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The Taïno (or Taino) is an indigenous ethnic group from the Arawak tribe, which occupied the Greater Antilles when the Europeans arrived in the 15th century.

After their dispersal, during the sixteenth century, many West Indians, especially part of the Cubans, the Haitians, the Puerto Ricans, and of the Dominicans, continue to consider themselves as Taino: the Taino Lucayan people (in present-day Bahamas), the Western Taino people (in Cuba), the Central Taino people (in Hispaniola and Puerto Rico) and the Eastern Taino people (in the Lesser Antilles).

The Taino believe that the dead’s souls continues their existence in a different world. From that place, they can see all the living’s facts and know all their secrets. The shamans can communicate with these souls.

Lamentation around the corpse lying on a mat

The Taino are described as being gentle persons, ignorant of evil, incapable of killing and imprisoning each other, and very close and respectful of nature.

For them, death is not an extinction or a punishment, but rather a step in the transition from one existence to another. That represents an expected and anticipated event which is a part of the natural cosmic order.

They believe that after death they meet with all the missing loved ones, and there, in the afterlife, they can enjoy pleasures similar to the terrestrial’s ones.
The dead go to the « home of the absent », a distant place at the end of Soraya island, inaccessible to the living.

They practice various funeral rituals: the secondary burial in caves, the cremation of some of the bones, the burial of the bones and skull, or the preservation of the ancestors’ bones in open baskets.

The tribal leaders receive specific rituals: they may be embalmed (the entire corpse is opened and dried by fire) or euthanized (which consists of strangle him at the end of his life). They can be chased out of the house or left in a hammock, with water and bread, until they die. Sometimes they can be burned inside the house where they died.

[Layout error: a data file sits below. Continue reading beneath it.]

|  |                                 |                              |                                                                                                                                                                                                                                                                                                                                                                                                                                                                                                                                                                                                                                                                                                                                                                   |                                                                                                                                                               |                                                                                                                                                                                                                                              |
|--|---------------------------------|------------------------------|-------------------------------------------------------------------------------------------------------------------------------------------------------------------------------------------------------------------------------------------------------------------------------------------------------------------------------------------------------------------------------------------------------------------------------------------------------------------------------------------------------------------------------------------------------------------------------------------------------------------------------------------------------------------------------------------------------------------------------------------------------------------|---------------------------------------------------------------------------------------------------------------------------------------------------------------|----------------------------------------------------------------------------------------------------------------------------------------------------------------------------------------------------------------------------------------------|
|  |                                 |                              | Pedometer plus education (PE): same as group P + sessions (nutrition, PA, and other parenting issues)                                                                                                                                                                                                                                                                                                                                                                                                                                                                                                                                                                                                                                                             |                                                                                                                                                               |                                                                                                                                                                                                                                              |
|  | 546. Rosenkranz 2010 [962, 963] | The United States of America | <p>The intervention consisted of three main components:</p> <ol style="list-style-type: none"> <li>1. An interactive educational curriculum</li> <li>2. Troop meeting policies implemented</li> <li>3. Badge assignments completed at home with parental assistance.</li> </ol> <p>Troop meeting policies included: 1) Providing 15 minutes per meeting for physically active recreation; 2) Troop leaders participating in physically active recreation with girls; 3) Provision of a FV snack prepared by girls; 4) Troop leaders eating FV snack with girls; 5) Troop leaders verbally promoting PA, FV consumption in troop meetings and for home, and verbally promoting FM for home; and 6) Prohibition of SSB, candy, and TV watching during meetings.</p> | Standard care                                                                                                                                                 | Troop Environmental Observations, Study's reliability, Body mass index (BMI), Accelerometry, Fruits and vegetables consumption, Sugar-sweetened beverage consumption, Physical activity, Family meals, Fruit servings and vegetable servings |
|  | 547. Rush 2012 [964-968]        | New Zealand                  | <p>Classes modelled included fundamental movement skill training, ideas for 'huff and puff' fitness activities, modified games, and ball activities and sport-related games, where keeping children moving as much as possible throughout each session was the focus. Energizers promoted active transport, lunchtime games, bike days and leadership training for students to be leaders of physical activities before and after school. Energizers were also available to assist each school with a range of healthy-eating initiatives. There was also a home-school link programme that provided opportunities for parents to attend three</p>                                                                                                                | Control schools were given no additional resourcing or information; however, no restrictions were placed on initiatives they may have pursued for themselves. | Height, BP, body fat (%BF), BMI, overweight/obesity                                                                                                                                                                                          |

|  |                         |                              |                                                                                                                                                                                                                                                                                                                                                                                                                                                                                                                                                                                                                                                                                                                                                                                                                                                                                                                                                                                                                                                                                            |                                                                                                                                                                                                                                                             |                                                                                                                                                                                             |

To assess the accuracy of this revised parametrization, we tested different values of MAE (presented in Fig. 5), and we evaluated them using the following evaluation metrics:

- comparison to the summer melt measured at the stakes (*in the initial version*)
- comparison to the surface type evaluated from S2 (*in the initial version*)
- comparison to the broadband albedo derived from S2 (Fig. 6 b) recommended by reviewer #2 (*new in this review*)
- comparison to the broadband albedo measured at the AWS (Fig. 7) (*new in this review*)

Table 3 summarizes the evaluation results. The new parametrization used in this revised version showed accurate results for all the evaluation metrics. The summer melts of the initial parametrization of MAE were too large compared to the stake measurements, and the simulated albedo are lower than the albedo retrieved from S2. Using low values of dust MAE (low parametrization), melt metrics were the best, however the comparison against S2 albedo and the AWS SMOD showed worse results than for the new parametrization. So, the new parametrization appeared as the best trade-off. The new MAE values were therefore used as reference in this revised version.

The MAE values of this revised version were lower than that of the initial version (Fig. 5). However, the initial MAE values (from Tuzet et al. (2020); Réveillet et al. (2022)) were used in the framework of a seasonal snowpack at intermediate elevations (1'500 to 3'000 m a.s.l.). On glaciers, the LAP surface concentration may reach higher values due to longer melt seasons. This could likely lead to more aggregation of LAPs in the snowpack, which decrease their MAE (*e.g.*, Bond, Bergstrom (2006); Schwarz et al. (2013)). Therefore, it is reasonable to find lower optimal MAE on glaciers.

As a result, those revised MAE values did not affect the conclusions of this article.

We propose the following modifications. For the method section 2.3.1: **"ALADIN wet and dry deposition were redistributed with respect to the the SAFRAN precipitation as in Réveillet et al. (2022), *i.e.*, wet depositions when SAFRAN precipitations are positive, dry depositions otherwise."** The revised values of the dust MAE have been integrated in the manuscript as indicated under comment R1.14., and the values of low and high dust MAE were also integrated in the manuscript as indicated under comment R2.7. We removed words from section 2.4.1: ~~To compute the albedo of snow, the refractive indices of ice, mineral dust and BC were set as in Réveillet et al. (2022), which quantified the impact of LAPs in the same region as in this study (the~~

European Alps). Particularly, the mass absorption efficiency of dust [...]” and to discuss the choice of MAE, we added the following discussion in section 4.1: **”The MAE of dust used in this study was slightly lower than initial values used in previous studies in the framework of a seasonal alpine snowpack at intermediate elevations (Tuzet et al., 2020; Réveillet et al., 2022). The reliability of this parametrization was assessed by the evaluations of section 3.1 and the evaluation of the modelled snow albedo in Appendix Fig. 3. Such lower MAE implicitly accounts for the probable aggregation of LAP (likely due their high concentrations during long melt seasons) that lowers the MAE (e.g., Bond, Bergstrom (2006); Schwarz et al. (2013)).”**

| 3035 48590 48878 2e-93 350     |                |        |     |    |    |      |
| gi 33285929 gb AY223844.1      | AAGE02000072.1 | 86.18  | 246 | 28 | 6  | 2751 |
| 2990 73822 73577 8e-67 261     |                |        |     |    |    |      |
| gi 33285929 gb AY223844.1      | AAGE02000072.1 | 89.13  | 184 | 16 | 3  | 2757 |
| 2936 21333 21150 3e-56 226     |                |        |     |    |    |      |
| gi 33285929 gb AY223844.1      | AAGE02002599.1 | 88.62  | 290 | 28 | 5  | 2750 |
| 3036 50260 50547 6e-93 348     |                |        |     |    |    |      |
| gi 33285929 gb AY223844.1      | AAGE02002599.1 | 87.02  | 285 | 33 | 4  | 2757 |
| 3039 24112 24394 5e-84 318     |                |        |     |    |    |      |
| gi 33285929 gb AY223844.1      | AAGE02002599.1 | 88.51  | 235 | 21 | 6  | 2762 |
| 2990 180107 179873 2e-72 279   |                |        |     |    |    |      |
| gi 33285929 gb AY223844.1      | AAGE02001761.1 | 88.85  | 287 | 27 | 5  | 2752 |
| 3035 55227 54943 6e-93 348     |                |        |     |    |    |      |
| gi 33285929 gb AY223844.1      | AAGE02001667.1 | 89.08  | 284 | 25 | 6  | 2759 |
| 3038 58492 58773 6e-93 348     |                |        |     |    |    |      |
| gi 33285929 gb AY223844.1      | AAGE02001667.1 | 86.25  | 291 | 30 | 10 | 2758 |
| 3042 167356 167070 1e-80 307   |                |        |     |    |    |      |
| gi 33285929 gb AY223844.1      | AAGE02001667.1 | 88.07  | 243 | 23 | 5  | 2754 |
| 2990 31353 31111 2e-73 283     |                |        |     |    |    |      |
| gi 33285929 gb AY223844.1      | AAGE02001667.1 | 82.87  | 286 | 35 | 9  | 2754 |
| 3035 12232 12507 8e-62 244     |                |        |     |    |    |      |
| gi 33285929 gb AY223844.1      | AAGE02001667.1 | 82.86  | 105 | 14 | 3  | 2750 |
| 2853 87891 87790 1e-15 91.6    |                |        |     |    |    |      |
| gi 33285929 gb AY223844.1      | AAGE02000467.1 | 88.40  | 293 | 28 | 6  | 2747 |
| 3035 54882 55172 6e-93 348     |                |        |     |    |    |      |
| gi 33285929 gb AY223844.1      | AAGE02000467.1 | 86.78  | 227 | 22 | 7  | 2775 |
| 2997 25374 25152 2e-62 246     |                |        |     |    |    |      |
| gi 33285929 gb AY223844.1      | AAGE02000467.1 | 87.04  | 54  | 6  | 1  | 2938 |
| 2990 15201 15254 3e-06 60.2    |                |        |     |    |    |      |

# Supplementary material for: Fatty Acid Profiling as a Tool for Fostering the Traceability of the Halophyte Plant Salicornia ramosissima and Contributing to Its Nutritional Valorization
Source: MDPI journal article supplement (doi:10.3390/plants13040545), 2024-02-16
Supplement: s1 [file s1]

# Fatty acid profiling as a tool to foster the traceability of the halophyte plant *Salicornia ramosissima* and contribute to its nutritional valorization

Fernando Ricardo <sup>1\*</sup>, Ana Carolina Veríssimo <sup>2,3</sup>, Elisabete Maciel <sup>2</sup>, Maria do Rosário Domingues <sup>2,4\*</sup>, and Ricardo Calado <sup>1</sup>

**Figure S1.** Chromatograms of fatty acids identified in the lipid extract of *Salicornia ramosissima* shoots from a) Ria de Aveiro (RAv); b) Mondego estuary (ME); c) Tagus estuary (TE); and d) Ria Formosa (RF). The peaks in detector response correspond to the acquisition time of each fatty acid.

End-of-life strangulation can also concern people with serious illnesses, but this is only practiced with the agreement of the tribal chief.

For other Taino, only the head is kept or buried in a cave, with a bottle of water and bread. 

Each tribal chief believes that the dead return to their region.

In their belief, the dead remain locked up during the day and mingle with the living, walk, and celebrate the night. The living people have a named spirit, but the dead have an elusive one. To make certain, the Taino has to check if the individual has a navel: if he does not possess a navel, it is a dead person. The navel represents the proof of the passage on earth, the result of the separation from the mother at birth.

A living being can, by ignorance, sleep with a dead being, and when he tries to hug him, the deceased disappears.
The dead may appear to the living shaped as a man or a woman, possibly a father, mother, brother, or in other forms. They say that the dead come out only at night hence their fear of going out after sunset.

Palms casket on trestles
Grave

They smoke the body (by drying and exposure as a preservation method), then insert the remains in a container and bury it.

The receptacle keeps the individual in the burial position and allows his transport until the burial place.

That container may be a basket, a mat, made of bamboo or palm, in tissues, such as a shroud made of a hammock, bark pieces, or a hollow tree trunk.

Later, they reopen the grave and remove the skeleton. The collected portion is then re-inhumated, either in the same grave or in another grave. It is also possible to not re-inhumate the skeleton.

Often they keep the skulls of their dead in an urn or a basket. The chiefs’ skulls can be conserved in a wooden statue.

The bats and the owls are associated with death.

Tainos people

Sources :

Giuseppe A. Samonà, L’insaisissable religion des Taïnos. Esquisse d’anthropologie historique

Wikipédia, Tainos

(https://fr.wikipedia.org/wiki)

Jacques Flint, Des cavernes de la partie espagnole de l’île de Saint-Domingue

François Rodriguez-Loube, Les Antilles, Un Des Derniers Peuplements Précolombiens de l’Amérique

Menno Hoogland, Anthropologie funéraire amérindienne dans les Petites Antilles

Bernard Grunberg, Les indiens des petites Antilles, Des premiers peuplements aux débuts de la colonisation européenne 

Culture Taïna – Croyances sur la mort et funérailles

(http://cocomagnanville.over-blog.com)

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